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Use of T2 maps for rapid prediction of stress effectiveness before the injection of contrast in myocardial perfusion studies at 3.0T
© Fernandes et al. 2016
- Published: 27 January 2016
- Perfusion Image
- Short Axis Slice
- Post Stress
- Myocardial Perfusion Study
Effective induction of vasodilation during stress perfusion CMR exams may not occur in a clinically significant proportion of patients. While visual analysis of splenic switch-off may offer an accurate assessment of stress adequacy, it can only be analyzed retrospectively. T2 maps may detect stress vasodilatory changes preemptively and allow changes to the protocol prior to contrast injection.
Fifty patients undergoing routine stress CMR exams with dipyridamole and a FLASH perfusion sequence were prospectively studied at 3.0 T (Siemens Verio). A single breath-hold myocardial T2 map (TrueFISP sequence, 3 T2 preparation pulses, 9 total heartbeats) of a mid-ventricular short axis slice was obtained using a prototype sequence at rest and immediately after dipyridamole injection, followed by routine perfusion images. T2 values pre and post stress were measured in a ROI of the septum in the inline generated maps. Peak signal intensity (PSI, maximum minus baseline values) of the myocardium in the same region as well in the spleen were calculated. Spleen switch-off was determined visually and semi-quantitatively. Statistical analysis included correlations of the percentage changes of T2 in comparison to differences in spleen PSI and spleen-to-myocardial ratios. ROC curves were used to calculate the accuracy of T2 values to determine the presence of spleen switch-off.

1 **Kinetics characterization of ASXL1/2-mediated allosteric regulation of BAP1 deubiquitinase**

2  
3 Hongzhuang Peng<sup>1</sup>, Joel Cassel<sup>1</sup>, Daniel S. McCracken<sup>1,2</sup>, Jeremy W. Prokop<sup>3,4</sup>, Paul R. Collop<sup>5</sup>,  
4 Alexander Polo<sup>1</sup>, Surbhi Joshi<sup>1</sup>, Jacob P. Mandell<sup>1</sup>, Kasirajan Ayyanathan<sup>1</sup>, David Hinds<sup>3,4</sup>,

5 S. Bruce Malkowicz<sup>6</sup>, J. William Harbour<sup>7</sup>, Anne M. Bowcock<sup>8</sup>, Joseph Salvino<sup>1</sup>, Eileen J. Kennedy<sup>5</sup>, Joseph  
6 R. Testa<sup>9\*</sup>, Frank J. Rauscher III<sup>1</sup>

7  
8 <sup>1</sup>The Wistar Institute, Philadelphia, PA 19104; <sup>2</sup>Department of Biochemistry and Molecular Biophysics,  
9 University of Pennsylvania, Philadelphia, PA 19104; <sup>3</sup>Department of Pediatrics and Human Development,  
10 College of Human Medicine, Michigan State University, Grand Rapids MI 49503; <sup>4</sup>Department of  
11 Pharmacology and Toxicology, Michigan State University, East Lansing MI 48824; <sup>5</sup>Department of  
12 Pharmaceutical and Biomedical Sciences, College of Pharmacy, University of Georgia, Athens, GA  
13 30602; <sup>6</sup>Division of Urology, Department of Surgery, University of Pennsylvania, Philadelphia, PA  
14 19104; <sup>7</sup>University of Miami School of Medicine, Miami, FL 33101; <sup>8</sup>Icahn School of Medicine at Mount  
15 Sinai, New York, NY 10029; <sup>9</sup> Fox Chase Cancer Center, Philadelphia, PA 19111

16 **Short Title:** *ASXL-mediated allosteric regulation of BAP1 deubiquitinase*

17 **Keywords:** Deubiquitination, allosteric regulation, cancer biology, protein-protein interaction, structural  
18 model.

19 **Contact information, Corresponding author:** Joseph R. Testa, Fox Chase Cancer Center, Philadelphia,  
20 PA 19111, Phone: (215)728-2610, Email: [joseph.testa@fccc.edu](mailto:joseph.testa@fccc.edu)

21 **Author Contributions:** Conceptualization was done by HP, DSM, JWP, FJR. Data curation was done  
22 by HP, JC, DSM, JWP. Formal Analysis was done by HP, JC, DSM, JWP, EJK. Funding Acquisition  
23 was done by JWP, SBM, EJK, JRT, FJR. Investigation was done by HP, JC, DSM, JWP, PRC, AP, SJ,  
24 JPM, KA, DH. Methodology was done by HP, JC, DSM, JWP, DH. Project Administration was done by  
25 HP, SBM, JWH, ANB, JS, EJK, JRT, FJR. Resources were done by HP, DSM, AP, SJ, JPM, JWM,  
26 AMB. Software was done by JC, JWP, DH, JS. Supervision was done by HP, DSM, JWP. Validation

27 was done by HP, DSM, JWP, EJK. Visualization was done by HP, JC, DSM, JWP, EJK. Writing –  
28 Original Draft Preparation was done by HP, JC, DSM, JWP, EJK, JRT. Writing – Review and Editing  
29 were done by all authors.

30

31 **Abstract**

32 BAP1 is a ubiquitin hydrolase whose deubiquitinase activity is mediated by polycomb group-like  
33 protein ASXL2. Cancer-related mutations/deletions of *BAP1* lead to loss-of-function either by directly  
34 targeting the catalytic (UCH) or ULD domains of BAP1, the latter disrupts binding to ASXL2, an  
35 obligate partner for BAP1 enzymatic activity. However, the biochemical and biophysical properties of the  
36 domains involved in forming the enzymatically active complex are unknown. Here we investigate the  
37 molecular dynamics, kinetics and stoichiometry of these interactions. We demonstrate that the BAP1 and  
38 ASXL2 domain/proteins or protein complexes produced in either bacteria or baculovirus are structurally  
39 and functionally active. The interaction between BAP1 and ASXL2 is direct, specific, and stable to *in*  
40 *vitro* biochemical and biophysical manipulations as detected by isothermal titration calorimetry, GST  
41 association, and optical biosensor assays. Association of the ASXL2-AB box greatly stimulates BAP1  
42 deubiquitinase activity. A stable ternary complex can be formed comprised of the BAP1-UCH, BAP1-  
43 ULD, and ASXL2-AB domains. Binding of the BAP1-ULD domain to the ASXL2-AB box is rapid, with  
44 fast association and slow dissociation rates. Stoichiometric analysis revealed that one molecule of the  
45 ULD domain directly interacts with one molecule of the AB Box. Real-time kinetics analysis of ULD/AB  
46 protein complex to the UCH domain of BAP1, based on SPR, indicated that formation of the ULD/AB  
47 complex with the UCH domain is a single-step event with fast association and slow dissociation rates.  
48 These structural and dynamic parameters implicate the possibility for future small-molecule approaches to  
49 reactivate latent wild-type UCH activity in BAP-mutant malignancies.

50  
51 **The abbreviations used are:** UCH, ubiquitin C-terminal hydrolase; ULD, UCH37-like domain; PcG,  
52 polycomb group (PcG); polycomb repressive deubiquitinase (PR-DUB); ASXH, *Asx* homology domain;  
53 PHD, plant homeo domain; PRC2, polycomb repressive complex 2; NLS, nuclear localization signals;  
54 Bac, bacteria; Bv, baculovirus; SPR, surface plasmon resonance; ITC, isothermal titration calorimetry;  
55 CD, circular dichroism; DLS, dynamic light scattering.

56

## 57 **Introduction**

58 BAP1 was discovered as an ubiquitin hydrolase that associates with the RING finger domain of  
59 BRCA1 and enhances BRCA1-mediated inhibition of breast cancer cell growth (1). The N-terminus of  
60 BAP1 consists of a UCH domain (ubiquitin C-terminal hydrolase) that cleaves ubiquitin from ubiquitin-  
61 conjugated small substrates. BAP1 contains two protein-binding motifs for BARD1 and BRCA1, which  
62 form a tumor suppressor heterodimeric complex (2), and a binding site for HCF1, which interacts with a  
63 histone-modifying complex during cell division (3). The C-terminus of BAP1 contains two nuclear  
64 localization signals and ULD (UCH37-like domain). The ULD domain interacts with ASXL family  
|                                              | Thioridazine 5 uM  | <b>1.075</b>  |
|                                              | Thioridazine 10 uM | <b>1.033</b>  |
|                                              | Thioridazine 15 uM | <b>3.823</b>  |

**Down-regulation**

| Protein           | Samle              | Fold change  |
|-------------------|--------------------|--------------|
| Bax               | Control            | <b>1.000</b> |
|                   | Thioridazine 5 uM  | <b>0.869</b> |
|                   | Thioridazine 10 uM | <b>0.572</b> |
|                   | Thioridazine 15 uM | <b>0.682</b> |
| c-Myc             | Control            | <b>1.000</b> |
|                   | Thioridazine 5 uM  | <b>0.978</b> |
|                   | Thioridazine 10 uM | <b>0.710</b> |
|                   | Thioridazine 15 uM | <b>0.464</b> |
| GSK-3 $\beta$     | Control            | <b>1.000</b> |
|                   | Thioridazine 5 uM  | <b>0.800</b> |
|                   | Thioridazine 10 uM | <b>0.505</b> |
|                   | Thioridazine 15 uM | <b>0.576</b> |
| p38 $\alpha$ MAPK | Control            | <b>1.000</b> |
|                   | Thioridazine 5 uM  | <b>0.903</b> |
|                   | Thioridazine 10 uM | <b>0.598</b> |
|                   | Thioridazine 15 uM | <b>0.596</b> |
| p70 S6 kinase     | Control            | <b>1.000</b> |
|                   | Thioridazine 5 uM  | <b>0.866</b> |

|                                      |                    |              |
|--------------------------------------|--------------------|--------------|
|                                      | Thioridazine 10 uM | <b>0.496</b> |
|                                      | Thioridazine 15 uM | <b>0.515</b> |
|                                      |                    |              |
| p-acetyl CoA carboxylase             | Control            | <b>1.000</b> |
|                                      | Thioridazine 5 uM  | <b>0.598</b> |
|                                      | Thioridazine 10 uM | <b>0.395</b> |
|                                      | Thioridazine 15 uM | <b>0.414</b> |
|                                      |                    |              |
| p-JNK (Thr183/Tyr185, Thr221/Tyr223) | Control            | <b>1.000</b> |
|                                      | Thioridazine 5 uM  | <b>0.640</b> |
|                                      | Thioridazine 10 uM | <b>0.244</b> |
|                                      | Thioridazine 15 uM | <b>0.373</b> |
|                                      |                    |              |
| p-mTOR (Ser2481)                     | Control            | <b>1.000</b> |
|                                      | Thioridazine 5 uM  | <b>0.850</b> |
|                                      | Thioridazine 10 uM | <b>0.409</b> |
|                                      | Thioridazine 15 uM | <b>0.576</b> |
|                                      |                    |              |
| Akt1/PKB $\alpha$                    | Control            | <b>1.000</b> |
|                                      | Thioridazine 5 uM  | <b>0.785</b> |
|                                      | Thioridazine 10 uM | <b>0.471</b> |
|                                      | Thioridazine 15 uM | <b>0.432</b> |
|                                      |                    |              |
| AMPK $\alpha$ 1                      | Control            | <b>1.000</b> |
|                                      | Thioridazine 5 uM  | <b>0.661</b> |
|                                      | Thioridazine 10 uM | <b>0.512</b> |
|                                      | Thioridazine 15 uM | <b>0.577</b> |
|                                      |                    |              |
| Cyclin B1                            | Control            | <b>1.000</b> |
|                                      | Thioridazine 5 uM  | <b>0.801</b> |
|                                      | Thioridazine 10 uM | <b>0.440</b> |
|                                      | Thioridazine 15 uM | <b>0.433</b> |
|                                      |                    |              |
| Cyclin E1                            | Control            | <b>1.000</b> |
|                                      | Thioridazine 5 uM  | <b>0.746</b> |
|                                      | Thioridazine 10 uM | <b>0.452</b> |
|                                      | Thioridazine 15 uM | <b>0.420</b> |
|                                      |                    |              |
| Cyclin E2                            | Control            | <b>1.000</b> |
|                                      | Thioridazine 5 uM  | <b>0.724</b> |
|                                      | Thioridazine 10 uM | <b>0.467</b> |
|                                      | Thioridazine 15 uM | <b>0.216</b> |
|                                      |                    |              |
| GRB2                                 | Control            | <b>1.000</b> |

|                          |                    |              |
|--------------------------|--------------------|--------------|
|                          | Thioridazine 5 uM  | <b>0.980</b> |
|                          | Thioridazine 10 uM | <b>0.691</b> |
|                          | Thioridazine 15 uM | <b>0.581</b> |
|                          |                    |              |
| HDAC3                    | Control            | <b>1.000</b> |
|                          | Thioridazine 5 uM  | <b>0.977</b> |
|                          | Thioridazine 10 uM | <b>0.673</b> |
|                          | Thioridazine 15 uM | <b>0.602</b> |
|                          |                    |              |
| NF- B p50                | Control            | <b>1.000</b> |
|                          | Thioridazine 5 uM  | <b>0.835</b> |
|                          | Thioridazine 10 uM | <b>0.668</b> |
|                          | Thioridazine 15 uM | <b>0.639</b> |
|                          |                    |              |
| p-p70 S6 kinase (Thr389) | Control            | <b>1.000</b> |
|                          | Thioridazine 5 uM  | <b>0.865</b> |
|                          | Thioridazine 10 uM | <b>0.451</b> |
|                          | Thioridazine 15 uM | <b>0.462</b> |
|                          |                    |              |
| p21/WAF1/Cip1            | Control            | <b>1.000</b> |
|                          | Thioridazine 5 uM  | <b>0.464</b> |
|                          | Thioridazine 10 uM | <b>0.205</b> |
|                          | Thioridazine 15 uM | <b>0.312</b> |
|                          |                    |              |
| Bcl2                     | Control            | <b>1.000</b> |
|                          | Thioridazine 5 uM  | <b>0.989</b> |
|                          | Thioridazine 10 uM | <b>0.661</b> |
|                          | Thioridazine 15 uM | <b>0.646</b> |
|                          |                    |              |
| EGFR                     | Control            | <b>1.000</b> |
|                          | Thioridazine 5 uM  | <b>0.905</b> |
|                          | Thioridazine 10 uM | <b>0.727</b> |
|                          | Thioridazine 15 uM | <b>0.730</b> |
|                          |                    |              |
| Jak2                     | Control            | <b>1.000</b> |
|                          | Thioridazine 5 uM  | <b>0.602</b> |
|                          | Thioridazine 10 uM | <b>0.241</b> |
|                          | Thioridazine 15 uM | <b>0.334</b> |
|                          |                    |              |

Use of T2 maps pre and post stress induction predicts the occurrence of splenic switch-off before the acquisition of perfusion images and may allow for changes in management of the stress protocol improving exam efficacy.
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